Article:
Bang for your buck?
The MTN Steppa is by no means a flagship device, nor is it intended to be; at R499 it’s touted as the most affordable smartphone in South Africa to date. For R500 you get a 3.5” touch enabled TFT display, a 1 GHz Qualcomm Snapdragon single core processor, and Android 2.3.5 (Gingerbread) OS. Relative to the price, it adds up to a solid, smooth running system.
Budget crowd pleaser
MTN played a major role in the look and feel of this device, with its logo and colour scheme not so subtly embellished throughout the user interface. Furthermore, if you are thinking that you are getting the standard Android look and feel, think again, since this too is customised by MTN.
The changed UI setup consists of three main screens, which can be horizontally swiped through. The home screen contains six spheres for quick access to integrated Google, MTN, social media, app store and video content. It also combines a bottom banner which brings up the messaging, phone call, camera and settings windows. From the home screen, swiping to the left brings up a list of all the background apps, where users can enable/disable these apps. The screen on the right provides an alphabetically ordered list of all the menu, application and setting options on the smartphone, which is easier to view for those still unfamiliar with smartphones.
One aspect we were quickly frustrated by, was the in-app advertising on the home screen. The advertising indicated additional information for basic versions of pre-loaded apps such as AVG Antivirus and Facebook. When selected, it opened up a link to download premium versions of the apps. The integration of such ‘spamware’ really detracts from a solid smartphone experience.
All in all, the smartphone experience offered by the Steppa is clean and simple, with most features easily accessed and intuitively orientated.
No bells and whistles
As we delve deeper into the plastic casing of the Steppa, there’s only 512 MB of internal storage, which does not offer much space for users to download Google Play Store apps, nor photo, video or music content. Luckily there is a microSD card slot, but MTN does not include a card, so you would have to factor in the price of a microSD onto your R500 purchase. It is a good idea to get as large a microSD card as you can afford and stick it into the non hot-swappable card reader, accessed by removing the back cover and battery of the unit.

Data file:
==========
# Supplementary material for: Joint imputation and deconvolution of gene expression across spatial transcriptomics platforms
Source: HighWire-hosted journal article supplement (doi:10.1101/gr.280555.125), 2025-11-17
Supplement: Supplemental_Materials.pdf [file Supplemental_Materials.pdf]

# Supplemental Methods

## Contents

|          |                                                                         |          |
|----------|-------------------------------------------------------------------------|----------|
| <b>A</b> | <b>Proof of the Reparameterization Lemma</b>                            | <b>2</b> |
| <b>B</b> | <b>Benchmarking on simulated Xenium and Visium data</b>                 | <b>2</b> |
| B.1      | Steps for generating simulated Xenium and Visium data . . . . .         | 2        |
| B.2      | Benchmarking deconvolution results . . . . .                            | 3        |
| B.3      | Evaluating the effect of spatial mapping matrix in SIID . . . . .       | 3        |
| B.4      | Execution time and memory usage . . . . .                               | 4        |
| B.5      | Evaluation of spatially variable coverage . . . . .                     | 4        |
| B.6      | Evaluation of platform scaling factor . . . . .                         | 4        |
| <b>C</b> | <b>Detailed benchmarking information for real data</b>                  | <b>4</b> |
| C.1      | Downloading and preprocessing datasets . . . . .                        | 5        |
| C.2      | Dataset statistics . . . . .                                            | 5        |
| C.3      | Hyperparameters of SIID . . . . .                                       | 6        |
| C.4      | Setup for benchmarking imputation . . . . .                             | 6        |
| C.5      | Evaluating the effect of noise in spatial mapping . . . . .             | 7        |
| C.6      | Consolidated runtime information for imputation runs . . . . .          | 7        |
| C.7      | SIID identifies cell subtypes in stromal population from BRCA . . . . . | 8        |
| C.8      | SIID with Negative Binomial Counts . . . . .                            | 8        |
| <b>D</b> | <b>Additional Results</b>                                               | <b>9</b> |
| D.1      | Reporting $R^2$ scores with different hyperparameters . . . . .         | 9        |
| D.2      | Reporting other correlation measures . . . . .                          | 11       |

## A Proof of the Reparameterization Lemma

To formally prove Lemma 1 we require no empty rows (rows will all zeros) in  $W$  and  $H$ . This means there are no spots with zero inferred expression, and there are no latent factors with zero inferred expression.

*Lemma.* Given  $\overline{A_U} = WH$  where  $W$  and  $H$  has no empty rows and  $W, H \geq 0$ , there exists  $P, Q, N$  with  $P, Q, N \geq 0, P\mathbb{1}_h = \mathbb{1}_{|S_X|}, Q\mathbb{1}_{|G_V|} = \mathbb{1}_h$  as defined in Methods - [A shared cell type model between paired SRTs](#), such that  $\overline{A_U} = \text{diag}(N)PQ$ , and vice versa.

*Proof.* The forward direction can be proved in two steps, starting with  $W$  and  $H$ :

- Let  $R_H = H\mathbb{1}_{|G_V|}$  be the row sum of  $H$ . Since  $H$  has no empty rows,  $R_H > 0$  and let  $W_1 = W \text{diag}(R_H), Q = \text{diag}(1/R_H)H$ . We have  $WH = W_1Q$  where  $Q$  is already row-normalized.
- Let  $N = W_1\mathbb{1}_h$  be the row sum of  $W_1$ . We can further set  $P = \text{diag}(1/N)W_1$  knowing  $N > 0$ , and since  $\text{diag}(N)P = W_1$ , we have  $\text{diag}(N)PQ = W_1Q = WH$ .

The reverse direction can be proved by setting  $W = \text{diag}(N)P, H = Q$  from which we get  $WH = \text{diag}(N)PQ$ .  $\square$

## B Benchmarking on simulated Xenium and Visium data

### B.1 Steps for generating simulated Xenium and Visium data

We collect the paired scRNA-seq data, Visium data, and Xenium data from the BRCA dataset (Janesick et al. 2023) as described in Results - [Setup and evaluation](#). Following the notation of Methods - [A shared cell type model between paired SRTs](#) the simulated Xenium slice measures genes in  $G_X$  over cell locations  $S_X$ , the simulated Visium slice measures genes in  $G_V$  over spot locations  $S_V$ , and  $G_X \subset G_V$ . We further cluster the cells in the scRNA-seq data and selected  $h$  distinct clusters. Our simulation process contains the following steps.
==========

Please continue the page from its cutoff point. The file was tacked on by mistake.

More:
MTN fitted the Steppa with a 2.0 megapixel camera that produced poor quality images and video, with most looking quite dark and heavily streaked when capturing a moving object. In this regard the Steppa won’t appeal to serial Instagrammers, and the lack of front facing camera may shy away the duckface selfie crowd. MTN has included Bluetooth 3.0 connectivity as well as FM radio, a standard 3.5 mm headphone jack and mini USB port for charging and computer connection. This should ensure users can access and share content effectively.
Being an MTN product, the Steppa includes a host of specifically tailored MTN services, such as MyMTNza, 2GO and Appsfire. These are nice for the smartphone first timer, but offer little value for the more seasoned user. All apps run relatively smoothly on the device, if you can forgive the occasional screen lag or freeze, partly due to the phone’s limited amount of RAM. This does however show a concerted effort on MTN’s part to provide a complete social media and app experience with full access and functionality for Facebook, WhatsApp and the Google Play Store.
Simple and solid
For the price you pay the Steppa performs well and without much issue. It should have big appeal for people looking to make the transition from feature phone to smartphone, without having to commit to a contract. At R500, the MTN Steppa may just be the best value for money smartphone out there. It may not be the contender for best phone of the year, but could rank as one of the most important.